Who remembers Comet ISON? It was the comet that was obliterated by the sun back in December 2013. Before its solar demise, the media reported that as ISON passed us by it would become brighter than the moon; however, the comet was too dim to be seen by the naked eye. So, it is with some hesitation that we tell you about Comet Catalina. This comet will be visible in the Northern hemisphere as a pre-dawn object in late November and should get brighter and easier to find through the month of December. It is expected to be seen by the naked eye at dark sky sites, but will be a tough object to glimpse from most suburbs and cities. That being said, it is one comet we can guarantee that inexperienced observers can view with a pair of binoculars.
It is always shining, constantly alight and blazing with energy. The Earth is awash in an endless tide of its particles. The Sun’s energy and light drives our weather, biology and more. But in space, NASA’s Solar Dynamics Observatory (SDO) keeps an eye on our nearest star 24/7. SDO captures images of the Sun in 10 different wavelengths, each of which helps highlight a different temperature of solar material. In this recently released video we experience images of the Sun in unprecedented detail captured by SDO. Presented in ultra-high definition video (4K) the video presents the nuclear fire of our life-giving star in intimate detail, offering new perspective into our own relationships with grand forces of the solar system.
The Sun does not rise for months at a time in some areas of Norway during the long, harsh winter. Begun in 2012, an ongoing project to bring the Sun–both literally and metaphorically–to those experiencing this deficit of sunlight was undertaken by IstadPacini Art Lab, a collaboration between artists Christine Istad and Lisa Pacini.
For the past several days there has been a lot of talk about this mysterious star located some 1,480 light-years away called KIC 8462852, located in the constellation Cygnus . This star appears to be flickering at irregular intervals. Some have gone so far as to hypothesize that the dimming is a sign of an advanced alien presence, suggesting the possible presence of advanced satellite orbits or a Dyson sphere. This has been a hot news story in the reaches of astronomy. But I waited to post anything about it, choosing not to jump on the train of speculation until further news came in.
In the past two blog postings we uncovered how some characters in the Harry Potter universe are tied to Greek, Roman, and Norse mythology. Not only are certain names shared, but the stories between the character and the myth from which its name is derived are actually intertwined. In the first blog posting we dealt mainly with two of Harry’s classmates: Draco and Luna. In the second blog posting we looked at two members of the family Black: Sirius and Bellatrix. Now it is time we took a closer look at one of Harry Potter’s fiercest enemies and one of his fiercest allies: Fenrir Greyback and Albus Dumbledore.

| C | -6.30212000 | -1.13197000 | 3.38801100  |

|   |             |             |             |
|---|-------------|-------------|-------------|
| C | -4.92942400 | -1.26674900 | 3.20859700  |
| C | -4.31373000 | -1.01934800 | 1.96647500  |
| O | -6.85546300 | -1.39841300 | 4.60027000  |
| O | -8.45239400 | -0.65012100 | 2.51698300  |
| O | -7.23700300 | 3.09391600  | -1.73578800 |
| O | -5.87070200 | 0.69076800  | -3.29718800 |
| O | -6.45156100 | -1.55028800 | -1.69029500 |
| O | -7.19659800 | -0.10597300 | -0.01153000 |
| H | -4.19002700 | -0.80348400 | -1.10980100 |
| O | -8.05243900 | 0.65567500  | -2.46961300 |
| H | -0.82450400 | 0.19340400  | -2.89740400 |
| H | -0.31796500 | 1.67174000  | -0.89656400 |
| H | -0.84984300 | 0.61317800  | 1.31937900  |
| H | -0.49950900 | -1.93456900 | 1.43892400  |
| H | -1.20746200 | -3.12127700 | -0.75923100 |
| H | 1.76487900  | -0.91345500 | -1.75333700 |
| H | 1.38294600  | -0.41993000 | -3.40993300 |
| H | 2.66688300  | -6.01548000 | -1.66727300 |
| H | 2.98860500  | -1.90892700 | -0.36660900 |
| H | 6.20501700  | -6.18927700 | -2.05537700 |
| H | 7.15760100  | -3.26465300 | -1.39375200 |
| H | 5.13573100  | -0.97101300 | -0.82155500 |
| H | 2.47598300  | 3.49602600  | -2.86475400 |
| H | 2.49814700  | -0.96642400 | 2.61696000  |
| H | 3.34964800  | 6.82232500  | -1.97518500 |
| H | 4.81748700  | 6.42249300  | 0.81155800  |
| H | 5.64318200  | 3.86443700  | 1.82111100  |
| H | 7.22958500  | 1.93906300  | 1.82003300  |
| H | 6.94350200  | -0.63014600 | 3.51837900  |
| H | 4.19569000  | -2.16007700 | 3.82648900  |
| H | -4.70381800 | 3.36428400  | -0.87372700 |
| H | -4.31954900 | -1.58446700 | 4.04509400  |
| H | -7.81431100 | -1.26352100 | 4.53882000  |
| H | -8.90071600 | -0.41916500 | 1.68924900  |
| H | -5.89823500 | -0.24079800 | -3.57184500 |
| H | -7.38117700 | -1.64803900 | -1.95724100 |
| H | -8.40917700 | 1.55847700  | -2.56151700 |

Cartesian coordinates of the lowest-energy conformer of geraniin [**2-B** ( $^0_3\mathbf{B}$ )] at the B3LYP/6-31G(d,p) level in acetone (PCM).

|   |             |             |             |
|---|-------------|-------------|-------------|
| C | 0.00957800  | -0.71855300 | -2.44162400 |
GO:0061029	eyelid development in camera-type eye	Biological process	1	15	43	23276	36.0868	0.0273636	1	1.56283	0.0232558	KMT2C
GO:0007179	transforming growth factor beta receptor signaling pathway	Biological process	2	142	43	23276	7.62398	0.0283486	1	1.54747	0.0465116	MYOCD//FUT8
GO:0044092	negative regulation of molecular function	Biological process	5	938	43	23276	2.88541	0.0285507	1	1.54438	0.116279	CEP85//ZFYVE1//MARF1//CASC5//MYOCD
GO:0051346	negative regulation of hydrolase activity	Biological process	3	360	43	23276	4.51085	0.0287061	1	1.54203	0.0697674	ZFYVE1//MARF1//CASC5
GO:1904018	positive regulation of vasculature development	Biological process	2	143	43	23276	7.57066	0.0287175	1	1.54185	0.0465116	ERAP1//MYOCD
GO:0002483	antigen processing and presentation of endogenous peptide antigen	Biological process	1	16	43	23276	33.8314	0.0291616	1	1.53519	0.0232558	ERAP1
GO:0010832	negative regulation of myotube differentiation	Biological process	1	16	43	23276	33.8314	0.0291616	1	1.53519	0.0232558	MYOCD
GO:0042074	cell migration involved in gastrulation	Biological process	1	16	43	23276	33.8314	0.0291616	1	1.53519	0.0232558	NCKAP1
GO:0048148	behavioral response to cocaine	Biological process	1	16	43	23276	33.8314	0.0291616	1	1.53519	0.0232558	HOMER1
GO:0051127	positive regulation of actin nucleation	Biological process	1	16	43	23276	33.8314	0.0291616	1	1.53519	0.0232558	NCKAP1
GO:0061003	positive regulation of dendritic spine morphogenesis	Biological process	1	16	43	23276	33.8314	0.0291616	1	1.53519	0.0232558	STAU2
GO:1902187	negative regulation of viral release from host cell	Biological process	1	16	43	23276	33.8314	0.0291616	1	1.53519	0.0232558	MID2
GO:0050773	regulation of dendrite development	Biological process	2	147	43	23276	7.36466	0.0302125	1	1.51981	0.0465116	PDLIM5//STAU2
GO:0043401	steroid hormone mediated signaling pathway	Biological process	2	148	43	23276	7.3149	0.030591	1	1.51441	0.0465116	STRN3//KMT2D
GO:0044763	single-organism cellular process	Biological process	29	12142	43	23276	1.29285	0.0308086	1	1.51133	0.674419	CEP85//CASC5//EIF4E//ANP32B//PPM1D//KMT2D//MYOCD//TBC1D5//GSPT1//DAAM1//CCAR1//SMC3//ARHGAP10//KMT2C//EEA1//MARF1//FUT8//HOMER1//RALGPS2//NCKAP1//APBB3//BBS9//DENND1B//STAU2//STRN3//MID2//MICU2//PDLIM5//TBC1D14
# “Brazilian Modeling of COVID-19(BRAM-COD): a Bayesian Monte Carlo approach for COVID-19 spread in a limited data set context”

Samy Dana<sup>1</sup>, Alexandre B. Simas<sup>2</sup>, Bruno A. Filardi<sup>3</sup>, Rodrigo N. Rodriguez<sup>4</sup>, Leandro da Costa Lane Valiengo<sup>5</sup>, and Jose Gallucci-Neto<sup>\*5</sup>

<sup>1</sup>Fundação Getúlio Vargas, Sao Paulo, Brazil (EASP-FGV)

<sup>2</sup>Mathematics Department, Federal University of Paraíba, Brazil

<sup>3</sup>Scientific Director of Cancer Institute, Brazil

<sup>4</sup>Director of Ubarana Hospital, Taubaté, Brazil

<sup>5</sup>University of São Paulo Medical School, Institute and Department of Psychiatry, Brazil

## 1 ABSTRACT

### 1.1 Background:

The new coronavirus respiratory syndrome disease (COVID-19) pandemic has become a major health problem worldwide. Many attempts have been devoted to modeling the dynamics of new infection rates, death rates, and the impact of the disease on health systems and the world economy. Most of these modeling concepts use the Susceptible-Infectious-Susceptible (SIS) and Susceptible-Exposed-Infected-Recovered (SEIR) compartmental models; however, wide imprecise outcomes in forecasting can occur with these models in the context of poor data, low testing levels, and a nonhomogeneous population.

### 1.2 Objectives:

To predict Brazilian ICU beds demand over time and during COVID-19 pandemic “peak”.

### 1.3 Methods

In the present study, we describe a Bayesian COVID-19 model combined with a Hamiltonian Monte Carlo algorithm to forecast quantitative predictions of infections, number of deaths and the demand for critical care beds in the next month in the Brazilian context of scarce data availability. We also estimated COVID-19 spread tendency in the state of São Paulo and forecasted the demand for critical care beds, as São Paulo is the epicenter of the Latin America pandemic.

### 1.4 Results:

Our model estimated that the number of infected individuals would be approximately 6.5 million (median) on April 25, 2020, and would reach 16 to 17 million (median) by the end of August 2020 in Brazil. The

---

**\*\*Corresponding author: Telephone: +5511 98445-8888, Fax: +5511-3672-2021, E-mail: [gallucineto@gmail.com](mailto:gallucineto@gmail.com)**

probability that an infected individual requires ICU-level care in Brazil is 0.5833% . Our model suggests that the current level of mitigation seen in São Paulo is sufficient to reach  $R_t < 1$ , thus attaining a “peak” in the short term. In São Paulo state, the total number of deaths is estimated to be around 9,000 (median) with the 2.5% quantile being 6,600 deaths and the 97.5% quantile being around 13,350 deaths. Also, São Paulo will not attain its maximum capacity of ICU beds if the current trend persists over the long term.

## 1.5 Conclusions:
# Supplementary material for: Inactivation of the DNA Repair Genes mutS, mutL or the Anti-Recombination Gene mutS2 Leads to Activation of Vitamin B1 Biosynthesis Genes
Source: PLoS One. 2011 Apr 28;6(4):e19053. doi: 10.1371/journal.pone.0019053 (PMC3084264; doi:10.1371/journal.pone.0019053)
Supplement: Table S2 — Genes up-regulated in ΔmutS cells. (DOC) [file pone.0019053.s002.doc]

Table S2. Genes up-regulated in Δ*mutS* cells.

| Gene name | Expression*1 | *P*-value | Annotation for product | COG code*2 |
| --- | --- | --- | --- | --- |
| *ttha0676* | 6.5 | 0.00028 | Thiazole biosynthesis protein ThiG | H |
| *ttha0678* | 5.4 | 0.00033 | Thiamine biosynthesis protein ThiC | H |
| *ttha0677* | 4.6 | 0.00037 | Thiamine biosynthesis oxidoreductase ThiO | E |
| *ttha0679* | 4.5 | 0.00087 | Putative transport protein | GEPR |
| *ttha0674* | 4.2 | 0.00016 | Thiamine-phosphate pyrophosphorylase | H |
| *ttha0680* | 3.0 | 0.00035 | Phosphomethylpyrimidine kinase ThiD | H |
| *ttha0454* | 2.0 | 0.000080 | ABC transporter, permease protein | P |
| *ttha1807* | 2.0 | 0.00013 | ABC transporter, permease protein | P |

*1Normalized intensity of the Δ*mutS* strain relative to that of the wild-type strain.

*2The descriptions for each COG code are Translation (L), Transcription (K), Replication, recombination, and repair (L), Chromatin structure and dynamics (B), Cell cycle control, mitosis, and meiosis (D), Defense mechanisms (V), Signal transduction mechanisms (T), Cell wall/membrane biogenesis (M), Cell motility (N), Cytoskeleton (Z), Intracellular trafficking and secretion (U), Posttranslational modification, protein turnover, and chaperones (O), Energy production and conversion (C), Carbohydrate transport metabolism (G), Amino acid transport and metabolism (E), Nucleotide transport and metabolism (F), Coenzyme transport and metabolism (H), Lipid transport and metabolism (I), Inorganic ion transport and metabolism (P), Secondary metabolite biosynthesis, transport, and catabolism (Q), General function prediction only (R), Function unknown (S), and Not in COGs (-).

In the previous blog posting we discussed how many of the characters in the Harry Potter series have connections to ancient mythology and how these myths worked their way into the books’ story-lines. Numerous characters in the series also share their names with moons, asteroids, and stars. For this entry let’s look into two characters and the two stars they are named after: Sirius and Bellatrix.
If you’ve ever read the Harry Potter series of books, or even seen the films, you’ll come across many unusual and colorful character names. Characters such as Millicent Bulstrode, Fleur Delacour, Argus Filch, and Gilderoy Lockhart are a few of the names you’ll come across when working your way through the seven books in the series. These names—the sounds they create and their connection to other words such as the Slither in Slytherin or the Guile in Goyle—can give an indication, a slight inkling, to the reader into what can be expected of such characters. But there are other names—names such as Draco, Sirius, and Luna—which can also tell the reader something about their respective characters, not based on the allusion of their names but based on the astronomical backgrounds their names are derived from.
Skywatchers have a chance to see some “shooting stars” this week with the annual Draconid meteor shower. The meteor display, which peaks overnight on Thursday and Friday (Oct. 8 and 9), is caused by the remains of Comet 21P/Giacobini-Zinner raining down on Earth.
When we see depictions of the solar system, we often see an inaccurate representation of its size and scale. Some of the planets are often enlarged, other planets are minimized to a degree, while the orbital paths are shrunken down to be closer to the sun. This is done because, when viewing the entire solar system, you want to see everything that is there. Not only is there an enormous amount of space between the planets–especially between the rocky inner planets and the outer gas giants–but the scale between the inner and outter planets are at opposite ends of the spectrum. After all, you can fit over a thousand Earths inside Jupiter.
Giving an accurate depiction of the solar system’s scale is a very difficult task. It is a task that was recently tackled by filmmakers Alex Gorosh and Wylie Overstreet, using the “Earth as a marble” concept.
NASA’s Hubble Space Telescope has unveiled the stunning details of the Veil Nebula, the expanding remains of a massive star that exploded about 8,000 years ago.